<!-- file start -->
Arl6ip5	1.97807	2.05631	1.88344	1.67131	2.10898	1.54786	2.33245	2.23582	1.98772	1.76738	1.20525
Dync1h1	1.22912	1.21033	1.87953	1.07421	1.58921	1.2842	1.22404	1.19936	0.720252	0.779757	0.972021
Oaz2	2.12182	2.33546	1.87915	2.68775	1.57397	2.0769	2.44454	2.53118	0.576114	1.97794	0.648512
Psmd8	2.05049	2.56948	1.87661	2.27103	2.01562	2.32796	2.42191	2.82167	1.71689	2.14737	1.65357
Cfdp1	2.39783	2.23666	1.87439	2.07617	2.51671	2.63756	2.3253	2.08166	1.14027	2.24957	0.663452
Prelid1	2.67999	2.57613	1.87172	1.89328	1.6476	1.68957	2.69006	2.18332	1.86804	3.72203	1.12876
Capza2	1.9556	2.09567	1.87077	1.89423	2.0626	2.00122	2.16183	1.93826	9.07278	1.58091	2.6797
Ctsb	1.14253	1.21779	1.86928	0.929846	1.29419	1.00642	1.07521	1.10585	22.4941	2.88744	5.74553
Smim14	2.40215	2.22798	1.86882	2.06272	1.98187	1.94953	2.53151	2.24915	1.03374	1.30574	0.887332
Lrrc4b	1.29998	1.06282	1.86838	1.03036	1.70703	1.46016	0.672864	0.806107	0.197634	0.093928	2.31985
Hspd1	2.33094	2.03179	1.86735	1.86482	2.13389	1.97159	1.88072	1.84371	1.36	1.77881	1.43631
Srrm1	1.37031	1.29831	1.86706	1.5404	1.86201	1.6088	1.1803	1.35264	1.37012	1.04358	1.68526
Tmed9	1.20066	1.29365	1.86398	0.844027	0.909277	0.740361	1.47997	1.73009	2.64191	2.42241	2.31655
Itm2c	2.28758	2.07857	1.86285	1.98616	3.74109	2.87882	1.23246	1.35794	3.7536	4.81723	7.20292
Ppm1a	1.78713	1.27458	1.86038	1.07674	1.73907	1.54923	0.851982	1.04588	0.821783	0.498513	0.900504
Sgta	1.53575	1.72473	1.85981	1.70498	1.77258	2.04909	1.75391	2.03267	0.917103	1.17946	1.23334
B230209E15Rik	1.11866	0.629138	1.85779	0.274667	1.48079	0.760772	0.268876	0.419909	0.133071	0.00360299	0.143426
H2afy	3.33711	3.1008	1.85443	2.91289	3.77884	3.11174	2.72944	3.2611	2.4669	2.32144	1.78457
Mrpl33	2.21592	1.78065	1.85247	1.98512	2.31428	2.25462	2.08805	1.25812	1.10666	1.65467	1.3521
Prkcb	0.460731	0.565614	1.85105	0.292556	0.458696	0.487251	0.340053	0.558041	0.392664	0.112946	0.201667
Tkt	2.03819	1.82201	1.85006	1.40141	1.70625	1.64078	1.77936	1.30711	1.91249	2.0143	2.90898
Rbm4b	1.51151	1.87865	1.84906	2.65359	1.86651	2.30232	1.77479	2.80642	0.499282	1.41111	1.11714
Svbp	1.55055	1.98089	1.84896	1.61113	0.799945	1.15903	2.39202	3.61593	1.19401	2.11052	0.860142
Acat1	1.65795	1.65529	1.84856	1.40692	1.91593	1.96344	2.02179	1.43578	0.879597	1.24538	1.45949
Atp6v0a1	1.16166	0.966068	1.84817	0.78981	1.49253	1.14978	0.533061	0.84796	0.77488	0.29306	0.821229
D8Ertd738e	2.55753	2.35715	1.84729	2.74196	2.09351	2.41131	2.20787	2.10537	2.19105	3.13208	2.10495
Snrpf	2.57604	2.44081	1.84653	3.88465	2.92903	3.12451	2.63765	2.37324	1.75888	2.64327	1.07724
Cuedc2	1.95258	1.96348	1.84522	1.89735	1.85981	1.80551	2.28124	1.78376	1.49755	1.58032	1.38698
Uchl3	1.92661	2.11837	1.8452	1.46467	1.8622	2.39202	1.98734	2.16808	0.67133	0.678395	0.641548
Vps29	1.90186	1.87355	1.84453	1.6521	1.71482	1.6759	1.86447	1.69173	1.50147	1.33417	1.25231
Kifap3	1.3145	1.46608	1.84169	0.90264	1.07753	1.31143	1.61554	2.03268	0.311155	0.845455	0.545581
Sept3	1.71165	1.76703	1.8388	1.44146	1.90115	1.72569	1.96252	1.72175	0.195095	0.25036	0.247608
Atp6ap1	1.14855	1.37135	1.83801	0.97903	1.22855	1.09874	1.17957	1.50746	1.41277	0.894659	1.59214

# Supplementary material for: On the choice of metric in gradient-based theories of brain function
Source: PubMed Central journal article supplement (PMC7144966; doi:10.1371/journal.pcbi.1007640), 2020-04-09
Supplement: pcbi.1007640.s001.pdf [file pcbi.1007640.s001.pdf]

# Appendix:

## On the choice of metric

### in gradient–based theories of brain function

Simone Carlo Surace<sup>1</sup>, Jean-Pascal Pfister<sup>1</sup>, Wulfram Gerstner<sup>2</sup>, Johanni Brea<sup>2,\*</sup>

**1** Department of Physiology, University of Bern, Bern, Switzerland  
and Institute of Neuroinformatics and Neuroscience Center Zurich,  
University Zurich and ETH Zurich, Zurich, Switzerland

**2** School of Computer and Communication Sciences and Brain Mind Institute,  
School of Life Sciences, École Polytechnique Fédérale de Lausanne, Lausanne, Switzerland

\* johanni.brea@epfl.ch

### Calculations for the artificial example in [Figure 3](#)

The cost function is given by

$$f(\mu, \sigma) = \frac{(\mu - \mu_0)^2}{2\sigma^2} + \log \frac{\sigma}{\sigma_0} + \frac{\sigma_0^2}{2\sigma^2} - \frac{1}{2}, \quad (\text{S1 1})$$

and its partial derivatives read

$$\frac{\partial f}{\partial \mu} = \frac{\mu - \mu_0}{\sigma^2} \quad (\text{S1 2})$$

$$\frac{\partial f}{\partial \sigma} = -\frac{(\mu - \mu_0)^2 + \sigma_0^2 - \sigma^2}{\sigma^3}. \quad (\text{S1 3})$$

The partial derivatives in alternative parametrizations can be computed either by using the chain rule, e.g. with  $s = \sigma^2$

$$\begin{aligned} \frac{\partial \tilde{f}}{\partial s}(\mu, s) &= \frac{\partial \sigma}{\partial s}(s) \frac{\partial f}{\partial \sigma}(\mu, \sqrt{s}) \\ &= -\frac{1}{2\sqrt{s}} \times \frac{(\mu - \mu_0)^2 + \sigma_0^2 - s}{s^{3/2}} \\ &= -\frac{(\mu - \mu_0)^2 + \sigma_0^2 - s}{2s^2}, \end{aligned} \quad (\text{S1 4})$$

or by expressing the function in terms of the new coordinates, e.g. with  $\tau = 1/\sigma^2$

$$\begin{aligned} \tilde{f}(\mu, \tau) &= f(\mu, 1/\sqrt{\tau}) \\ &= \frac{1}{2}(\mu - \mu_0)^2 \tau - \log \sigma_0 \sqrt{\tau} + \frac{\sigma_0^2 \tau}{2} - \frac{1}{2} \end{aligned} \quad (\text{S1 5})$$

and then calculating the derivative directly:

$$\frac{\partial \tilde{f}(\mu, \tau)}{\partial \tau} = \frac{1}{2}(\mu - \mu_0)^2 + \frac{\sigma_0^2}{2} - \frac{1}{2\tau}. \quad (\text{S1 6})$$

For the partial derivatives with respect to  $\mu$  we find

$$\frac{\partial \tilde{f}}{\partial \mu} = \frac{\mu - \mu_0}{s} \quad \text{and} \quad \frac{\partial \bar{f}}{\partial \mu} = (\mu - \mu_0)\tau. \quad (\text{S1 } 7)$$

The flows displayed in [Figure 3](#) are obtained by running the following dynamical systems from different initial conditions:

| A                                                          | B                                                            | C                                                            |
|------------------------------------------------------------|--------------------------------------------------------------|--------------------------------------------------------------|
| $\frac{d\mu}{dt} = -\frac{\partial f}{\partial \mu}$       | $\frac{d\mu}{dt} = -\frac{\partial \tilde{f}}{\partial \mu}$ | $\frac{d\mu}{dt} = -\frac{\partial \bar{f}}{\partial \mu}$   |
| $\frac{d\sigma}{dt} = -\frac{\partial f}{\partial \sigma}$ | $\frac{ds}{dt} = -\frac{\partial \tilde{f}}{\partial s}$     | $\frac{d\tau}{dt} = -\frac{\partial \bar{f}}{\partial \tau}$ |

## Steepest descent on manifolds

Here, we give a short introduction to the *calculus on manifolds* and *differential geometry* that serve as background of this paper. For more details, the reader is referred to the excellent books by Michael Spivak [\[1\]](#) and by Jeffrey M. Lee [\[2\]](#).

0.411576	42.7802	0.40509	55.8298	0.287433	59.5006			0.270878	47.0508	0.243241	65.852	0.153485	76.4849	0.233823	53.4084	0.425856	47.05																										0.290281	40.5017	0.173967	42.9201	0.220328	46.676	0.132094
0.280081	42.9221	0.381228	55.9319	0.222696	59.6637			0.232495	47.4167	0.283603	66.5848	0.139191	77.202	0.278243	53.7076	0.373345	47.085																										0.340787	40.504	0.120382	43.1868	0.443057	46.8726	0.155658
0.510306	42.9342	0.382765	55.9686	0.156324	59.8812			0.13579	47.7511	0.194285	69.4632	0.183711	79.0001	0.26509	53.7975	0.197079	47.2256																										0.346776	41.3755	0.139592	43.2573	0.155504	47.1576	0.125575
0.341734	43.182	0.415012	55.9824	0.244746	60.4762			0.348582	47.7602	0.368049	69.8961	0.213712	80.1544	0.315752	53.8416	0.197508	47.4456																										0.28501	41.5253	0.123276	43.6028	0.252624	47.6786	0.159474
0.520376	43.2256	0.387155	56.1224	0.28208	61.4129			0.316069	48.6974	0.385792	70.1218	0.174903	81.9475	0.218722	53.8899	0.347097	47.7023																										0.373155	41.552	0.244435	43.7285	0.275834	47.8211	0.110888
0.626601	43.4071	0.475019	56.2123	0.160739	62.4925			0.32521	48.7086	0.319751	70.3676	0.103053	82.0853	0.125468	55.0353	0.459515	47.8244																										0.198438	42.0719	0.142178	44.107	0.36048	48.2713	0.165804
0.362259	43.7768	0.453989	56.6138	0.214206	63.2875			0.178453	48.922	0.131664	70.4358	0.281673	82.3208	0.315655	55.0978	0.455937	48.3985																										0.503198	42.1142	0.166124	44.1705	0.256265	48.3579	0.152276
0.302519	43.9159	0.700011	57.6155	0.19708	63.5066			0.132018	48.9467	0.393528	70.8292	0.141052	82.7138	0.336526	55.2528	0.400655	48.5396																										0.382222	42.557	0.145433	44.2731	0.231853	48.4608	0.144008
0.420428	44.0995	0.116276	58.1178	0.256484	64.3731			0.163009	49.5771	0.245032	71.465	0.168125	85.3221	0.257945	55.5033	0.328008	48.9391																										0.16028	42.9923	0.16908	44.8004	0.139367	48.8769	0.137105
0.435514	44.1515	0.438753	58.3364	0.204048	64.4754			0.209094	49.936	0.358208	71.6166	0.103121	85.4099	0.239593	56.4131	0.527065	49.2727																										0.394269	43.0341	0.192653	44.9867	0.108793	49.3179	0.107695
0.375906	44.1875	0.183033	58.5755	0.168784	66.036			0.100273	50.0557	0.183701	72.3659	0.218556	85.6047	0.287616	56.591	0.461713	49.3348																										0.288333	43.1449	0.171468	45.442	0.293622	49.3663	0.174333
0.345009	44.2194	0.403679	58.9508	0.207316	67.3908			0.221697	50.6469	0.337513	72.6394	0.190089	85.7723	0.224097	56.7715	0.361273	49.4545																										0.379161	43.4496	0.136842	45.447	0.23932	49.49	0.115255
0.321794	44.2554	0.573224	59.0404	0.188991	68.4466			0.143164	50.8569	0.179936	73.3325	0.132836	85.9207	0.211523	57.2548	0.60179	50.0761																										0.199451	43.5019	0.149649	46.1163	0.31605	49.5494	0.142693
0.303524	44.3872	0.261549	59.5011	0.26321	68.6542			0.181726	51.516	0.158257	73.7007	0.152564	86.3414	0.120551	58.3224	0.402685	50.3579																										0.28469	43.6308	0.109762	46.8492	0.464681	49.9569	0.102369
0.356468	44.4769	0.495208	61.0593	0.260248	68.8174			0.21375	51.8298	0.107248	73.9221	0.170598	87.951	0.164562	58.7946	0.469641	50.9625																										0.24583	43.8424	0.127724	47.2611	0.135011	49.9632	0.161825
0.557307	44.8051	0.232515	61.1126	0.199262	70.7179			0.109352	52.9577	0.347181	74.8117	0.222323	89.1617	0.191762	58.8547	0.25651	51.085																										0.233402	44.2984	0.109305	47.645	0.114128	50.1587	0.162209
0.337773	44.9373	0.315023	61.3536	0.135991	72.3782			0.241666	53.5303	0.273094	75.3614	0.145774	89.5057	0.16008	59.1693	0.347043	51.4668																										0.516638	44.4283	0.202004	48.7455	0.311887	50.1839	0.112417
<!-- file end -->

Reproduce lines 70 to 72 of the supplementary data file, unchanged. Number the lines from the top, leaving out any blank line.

0.510306	42.9342	0.382765	55.9686	0.156324	59.8812			0.13579	47.7511	0.194285	69.4632	0.183711	79.0001	0.26509	53.7975	0.197079	47.2256																										0.346776	41.3755	0.139592	43.2573	0.155504	47.1576	0.125575
0.341734	43.182	0.415012	55.9824	0.244746	60.4762			0.348582	47.7602	0.368049	69.8961	0.213712	80.1544	0.315752	53.8416	0.197508	47.4456																										0.28501	41.5253	0.123276	43.6028	0.252624	47.6786	0.159474
0.520376	43.2256	0.387155	56.1224	0.28208	61.4129			0.316069	48.6974	0.385792	70.1218	0.174903	81.9475	0.218722	53.8899	0.347097	47.7023																										0.373155	41.552	0.244435	43.7285	0.275834	47.8211	0.110888